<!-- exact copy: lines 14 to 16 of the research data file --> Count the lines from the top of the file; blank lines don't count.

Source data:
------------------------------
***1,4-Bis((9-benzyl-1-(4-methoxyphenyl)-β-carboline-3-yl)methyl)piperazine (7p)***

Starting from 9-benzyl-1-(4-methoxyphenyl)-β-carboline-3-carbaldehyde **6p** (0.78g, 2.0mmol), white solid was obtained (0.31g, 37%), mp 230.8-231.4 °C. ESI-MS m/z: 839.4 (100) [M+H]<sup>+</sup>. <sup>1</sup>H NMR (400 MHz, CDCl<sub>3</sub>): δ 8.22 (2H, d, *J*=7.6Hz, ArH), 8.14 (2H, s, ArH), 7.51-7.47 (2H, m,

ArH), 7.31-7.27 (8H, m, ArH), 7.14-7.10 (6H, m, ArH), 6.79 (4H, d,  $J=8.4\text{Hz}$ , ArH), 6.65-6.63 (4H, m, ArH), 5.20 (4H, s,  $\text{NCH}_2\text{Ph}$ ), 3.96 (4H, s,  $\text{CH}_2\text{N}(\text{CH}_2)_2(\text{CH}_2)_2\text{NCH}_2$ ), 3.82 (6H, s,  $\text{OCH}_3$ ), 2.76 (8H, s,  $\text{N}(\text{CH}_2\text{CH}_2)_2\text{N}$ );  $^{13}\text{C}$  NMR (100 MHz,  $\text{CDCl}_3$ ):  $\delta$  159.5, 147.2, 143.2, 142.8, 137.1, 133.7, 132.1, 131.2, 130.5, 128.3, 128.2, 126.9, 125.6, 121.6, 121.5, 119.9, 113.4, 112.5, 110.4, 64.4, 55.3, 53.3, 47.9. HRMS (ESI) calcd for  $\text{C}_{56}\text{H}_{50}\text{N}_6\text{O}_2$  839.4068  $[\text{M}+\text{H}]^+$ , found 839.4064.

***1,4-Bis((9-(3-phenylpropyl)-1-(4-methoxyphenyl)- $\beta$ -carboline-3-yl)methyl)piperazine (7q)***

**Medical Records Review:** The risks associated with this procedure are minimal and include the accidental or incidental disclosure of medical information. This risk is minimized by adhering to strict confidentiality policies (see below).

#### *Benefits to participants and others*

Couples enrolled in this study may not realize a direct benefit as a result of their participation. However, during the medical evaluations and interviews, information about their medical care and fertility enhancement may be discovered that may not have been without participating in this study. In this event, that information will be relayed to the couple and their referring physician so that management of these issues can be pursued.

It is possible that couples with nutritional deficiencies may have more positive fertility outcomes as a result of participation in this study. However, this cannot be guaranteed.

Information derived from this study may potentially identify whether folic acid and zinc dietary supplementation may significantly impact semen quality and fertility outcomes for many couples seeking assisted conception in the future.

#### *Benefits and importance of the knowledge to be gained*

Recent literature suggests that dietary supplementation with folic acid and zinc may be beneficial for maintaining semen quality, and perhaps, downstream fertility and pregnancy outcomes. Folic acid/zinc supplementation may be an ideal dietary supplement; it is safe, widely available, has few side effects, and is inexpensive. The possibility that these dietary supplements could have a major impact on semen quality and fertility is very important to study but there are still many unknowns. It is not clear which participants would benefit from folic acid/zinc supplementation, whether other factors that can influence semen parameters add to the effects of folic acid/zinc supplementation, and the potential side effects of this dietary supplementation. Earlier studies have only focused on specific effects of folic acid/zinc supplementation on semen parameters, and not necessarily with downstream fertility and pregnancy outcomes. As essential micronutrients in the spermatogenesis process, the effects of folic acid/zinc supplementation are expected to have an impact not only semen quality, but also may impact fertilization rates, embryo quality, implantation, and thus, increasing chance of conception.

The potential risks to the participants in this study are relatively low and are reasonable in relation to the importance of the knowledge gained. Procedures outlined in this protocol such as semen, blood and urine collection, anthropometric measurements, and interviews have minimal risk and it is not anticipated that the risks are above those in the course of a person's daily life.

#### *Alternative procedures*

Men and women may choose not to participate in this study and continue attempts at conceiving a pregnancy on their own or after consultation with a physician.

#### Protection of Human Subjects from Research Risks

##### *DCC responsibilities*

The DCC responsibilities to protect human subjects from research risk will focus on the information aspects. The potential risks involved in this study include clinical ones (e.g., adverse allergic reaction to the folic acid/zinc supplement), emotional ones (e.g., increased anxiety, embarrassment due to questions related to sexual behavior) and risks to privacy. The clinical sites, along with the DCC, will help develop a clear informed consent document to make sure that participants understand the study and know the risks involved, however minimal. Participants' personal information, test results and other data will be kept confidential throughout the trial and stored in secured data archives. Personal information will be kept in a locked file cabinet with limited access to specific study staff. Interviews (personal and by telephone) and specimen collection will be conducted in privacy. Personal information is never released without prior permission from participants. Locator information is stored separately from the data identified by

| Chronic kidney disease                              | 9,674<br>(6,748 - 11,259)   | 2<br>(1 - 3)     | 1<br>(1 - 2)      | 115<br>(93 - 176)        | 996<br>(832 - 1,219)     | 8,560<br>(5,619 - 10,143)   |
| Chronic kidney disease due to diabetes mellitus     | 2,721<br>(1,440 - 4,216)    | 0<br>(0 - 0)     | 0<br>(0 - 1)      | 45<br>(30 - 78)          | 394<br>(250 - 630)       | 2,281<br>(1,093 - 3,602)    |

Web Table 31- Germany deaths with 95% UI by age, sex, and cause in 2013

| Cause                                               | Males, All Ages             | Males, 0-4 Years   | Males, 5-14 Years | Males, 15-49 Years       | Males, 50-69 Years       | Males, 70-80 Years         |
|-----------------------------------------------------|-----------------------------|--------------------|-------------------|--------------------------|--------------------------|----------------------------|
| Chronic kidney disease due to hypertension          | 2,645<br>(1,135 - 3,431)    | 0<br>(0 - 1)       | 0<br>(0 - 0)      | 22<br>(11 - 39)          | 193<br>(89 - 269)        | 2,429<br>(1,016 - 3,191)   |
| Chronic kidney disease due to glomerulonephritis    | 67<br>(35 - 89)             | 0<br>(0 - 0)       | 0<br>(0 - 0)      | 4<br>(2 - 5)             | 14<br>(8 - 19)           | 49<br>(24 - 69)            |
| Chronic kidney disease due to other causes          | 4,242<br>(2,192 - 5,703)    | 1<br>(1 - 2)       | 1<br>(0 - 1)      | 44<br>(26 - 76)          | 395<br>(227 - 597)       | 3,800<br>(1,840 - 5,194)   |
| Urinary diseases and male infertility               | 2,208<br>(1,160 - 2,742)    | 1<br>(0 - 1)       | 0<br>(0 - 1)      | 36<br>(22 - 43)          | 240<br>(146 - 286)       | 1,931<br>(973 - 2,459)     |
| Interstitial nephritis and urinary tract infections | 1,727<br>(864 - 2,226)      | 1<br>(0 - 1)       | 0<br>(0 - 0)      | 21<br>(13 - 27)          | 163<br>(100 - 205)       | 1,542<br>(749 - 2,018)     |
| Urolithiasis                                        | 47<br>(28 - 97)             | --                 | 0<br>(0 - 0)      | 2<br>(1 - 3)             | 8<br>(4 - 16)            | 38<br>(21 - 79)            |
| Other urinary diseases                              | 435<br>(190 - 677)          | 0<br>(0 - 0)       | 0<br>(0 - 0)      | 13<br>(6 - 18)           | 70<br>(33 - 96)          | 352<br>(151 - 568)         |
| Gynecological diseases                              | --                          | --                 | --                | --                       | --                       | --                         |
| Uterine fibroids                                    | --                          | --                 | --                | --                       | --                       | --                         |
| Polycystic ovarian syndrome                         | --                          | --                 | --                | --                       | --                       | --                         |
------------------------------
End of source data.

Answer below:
Men and women may choose not to participate in this study and continue attempts at conceiving a pregnancy on their own or after consultation with a physician.

#### Protection of Human Subjects from Research Risks

##### *DCC responsibilities*